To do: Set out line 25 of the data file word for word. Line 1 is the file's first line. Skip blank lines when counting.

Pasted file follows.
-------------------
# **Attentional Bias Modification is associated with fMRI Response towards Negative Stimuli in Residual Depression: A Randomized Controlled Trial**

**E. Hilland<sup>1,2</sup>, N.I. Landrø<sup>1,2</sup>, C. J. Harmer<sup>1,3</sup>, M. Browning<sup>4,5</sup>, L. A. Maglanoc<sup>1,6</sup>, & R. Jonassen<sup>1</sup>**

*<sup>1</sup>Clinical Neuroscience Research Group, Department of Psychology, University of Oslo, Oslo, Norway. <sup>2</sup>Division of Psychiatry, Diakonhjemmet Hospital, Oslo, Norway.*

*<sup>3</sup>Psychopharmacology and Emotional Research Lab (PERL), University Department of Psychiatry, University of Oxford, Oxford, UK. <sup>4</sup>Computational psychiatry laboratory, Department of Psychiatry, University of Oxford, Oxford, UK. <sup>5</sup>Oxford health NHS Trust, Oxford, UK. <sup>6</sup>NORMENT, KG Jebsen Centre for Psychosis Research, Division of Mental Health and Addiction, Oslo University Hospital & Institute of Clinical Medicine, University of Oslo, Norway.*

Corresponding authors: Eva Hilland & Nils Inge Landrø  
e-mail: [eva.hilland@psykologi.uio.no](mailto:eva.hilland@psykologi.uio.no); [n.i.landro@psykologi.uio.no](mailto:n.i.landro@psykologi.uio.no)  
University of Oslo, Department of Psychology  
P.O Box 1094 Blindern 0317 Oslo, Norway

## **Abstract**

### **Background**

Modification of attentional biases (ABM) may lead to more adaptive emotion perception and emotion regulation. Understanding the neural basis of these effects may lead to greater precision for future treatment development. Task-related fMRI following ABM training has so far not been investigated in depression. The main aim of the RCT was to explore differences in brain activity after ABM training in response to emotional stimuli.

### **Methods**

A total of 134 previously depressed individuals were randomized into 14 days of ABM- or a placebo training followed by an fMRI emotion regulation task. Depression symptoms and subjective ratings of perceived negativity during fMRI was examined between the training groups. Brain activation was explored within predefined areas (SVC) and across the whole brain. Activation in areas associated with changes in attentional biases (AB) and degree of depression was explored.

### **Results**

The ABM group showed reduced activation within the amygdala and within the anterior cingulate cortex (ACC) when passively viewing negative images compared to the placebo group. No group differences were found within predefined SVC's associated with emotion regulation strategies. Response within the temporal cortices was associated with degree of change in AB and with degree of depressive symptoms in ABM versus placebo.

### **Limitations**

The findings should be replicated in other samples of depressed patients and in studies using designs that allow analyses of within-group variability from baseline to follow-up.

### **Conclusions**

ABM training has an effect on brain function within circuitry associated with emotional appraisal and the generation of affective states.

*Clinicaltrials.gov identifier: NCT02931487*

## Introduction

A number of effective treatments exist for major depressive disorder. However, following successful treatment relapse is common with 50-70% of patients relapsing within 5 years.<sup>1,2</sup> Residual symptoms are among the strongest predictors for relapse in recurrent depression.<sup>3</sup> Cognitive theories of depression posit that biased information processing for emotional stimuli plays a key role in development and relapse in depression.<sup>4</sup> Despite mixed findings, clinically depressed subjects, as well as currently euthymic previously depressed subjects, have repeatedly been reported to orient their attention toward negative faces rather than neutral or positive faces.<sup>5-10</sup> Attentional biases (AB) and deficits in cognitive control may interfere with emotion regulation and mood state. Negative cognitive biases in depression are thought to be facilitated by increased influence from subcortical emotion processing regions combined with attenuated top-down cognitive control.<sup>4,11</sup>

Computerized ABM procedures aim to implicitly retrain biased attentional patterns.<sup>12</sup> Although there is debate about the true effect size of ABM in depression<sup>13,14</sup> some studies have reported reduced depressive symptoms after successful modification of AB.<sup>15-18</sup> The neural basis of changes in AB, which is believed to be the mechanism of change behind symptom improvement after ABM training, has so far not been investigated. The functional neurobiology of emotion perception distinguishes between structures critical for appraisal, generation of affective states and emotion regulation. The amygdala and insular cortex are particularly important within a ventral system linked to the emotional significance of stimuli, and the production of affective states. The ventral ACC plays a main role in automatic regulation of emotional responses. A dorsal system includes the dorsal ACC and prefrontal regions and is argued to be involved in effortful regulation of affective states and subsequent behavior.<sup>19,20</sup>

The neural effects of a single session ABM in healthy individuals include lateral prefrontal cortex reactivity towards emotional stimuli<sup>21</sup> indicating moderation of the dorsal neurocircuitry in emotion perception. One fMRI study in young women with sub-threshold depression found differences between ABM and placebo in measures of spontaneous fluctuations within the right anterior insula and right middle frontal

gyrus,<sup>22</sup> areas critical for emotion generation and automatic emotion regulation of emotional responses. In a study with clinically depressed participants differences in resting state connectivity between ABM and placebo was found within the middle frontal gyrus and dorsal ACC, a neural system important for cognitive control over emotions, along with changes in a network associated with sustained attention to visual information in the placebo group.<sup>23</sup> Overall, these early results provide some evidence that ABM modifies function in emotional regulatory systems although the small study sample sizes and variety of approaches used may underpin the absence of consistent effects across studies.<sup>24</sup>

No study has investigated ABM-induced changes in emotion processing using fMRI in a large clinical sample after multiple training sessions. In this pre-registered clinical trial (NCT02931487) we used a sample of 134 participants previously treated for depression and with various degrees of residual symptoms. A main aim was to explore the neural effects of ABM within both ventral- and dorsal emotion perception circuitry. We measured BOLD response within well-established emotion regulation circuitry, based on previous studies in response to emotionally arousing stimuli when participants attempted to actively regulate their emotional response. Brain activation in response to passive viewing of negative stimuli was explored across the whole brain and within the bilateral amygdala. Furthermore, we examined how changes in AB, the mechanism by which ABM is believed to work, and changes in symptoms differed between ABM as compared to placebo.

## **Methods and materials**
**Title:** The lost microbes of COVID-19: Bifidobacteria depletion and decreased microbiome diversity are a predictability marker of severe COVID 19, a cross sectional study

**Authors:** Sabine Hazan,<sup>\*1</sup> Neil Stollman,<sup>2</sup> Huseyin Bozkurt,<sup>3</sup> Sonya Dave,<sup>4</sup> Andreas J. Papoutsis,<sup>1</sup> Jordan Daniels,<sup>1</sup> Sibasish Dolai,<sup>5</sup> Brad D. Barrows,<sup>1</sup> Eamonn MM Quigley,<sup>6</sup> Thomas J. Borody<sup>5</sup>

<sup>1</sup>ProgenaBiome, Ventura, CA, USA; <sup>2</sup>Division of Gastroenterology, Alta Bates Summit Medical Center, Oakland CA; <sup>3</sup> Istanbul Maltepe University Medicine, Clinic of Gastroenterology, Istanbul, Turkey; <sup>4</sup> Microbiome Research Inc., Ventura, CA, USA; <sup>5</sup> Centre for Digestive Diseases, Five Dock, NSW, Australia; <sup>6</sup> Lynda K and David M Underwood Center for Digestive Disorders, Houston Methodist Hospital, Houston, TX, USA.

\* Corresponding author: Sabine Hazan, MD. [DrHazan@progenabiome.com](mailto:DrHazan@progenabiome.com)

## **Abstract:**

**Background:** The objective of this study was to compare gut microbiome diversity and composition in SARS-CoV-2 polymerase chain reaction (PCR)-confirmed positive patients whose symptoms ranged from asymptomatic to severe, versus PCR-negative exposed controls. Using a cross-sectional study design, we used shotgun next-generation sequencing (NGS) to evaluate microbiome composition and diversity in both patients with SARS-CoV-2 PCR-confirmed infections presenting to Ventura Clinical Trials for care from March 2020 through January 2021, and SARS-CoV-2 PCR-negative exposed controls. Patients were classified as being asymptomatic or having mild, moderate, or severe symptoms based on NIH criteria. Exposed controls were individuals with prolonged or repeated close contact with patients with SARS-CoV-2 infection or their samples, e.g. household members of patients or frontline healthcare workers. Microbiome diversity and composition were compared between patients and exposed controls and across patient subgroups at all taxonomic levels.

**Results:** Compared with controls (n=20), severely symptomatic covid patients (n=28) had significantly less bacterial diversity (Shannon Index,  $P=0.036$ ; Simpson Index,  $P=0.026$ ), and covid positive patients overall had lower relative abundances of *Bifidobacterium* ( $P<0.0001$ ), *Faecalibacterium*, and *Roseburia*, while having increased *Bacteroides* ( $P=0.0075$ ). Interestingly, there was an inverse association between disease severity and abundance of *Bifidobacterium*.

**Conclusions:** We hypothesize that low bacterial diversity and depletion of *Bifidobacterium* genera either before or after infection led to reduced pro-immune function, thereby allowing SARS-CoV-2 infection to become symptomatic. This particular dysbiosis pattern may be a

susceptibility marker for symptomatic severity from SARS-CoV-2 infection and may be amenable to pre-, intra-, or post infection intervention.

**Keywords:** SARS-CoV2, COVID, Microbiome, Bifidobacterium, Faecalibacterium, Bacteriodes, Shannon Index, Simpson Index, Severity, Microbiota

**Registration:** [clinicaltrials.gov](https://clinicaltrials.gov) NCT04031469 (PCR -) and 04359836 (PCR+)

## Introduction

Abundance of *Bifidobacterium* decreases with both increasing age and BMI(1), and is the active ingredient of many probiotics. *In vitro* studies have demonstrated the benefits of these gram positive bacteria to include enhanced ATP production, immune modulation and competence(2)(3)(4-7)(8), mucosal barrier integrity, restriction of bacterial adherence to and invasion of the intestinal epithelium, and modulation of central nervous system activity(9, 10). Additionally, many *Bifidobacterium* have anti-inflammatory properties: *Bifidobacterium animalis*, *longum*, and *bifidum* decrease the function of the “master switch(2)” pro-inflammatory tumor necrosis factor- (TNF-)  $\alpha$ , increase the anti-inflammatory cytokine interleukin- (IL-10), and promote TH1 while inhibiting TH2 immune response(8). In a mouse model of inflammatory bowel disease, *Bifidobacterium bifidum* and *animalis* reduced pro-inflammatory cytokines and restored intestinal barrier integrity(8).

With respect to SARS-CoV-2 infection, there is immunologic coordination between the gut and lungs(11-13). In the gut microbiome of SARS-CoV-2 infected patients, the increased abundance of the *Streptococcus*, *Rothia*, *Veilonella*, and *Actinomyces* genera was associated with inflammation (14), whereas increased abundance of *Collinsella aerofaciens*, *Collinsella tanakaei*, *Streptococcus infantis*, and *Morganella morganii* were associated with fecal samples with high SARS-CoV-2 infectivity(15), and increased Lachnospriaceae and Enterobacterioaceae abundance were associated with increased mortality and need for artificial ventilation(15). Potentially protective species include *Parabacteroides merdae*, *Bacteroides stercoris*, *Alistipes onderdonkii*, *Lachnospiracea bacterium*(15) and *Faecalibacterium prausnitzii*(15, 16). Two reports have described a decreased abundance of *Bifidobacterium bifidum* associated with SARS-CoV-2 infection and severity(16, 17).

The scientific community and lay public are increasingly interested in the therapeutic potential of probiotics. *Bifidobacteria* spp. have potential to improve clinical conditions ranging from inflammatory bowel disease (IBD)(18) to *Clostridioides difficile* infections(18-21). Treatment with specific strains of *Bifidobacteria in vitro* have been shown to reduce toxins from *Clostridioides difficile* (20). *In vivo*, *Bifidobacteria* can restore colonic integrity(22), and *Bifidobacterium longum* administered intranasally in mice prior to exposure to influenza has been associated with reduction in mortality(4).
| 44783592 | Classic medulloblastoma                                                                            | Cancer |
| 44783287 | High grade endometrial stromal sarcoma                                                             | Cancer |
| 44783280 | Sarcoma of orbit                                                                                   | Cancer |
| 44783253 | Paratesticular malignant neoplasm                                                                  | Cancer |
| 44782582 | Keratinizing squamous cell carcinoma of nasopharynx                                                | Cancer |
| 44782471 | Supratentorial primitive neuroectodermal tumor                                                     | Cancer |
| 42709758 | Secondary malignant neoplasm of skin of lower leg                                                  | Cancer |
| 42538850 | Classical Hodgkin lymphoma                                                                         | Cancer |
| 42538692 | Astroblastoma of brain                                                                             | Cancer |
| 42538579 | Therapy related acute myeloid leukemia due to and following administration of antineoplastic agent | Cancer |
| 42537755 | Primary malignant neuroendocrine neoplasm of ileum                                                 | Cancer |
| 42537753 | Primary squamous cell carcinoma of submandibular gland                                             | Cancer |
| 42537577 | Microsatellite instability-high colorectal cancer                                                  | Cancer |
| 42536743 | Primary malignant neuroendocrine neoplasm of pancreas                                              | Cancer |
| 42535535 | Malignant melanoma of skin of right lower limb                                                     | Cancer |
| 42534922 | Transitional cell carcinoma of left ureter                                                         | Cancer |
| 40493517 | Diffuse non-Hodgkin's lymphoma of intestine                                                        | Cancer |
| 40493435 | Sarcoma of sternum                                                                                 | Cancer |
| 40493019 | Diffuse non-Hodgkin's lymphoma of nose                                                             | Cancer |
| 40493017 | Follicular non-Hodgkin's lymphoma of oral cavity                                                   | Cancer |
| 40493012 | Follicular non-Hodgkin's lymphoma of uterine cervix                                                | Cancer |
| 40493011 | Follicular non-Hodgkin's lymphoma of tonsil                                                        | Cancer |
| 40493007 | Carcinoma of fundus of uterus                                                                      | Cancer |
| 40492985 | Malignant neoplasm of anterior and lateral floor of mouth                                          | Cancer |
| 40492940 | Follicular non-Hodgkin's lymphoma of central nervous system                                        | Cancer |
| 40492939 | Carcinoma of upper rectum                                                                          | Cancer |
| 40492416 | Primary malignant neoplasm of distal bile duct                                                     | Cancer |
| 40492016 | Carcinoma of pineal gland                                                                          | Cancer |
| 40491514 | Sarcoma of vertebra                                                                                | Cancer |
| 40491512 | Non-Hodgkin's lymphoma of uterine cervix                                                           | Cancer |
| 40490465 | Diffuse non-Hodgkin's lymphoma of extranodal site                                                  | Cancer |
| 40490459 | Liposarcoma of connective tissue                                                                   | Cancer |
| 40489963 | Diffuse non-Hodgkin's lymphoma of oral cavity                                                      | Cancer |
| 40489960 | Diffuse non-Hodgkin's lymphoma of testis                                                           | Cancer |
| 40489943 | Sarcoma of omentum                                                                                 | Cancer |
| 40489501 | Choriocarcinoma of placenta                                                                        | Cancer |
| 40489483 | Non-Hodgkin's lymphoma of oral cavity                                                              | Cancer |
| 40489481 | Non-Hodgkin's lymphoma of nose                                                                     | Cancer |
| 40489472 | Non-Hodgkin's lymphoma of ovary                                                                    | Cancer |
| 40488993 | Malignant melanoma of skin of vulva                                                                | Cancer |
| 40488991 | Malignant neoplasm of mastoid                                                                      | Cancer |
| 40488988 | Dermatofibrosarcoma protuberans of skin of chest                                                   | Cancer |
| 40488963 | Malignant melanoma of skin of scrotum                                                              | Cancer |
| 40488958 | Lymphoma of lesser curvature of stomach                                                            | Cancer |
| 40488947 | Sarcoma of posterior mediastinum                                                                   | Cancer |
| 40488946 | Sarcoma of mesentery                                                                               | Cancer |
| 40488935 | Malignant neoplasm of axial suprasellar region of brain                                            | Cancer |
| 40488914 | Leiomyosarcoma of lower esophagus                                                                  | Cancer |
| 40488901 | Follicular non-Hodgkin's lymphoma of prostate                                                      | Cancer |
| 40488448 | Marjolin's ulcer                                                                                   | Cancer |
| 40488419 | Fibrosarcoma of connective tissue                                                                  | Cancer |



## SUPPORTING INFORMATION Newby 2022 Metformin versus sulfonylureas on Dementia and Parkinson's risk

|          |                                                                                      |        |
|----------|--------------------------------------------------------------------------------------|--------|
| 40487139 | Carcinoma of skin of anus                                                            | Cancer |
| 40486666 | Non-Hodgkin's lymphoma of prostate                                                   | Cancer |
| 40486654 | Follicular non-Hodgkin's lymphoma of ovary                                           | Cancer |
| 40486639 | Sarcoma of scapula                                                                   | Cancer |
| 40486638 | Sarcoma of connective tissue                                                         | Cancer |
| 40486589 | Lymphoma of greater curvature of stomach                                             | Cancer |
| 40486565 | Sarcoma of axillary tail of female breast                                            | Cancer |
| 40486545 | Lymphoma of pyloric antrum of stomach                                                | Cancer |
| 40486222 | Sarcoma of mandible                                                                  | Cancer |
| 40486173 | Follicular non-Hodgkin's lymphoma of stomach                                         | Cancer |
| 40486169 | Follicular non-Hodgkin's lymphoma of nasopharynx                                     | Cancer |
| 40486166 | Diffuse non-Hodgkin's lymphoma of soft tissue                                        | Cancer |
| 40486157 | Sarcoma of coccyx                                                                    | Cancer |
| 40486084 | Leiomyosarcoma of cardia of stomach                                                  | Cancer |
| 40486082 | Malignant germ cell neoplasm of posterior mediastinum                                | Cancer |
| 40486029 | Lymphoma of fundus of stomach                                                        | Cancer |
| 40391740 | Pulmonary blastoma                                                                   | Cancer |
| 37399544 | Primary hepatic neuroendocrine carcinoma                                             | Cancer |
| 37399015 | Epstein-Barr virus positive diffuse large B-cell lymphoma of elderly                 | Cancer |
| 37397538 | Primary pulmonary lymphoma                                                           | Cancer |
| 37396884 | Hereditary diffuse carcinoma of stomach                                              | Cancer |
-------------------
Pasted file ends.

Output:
gyrus,<sup>22</sup> areas critical for emotion generation and automatic emotion regulation of emotional responses. In a study with clinically depressed participants differences in resting state connectivity between ABM and placebo was found within the middle frontal gyrus and dorsal ACC, a neural system important for cognitive control over emotions, along with changes in a network associated with sustained attention to visual information in the placebo group.<sup>23</sup> Overall, these early results provide some evidence that ABM modifies function in emotional regulatory systems although the small study sample sizes and variety of approaches used may underpin the absence of consistent effects across studies.<sup>24</sup>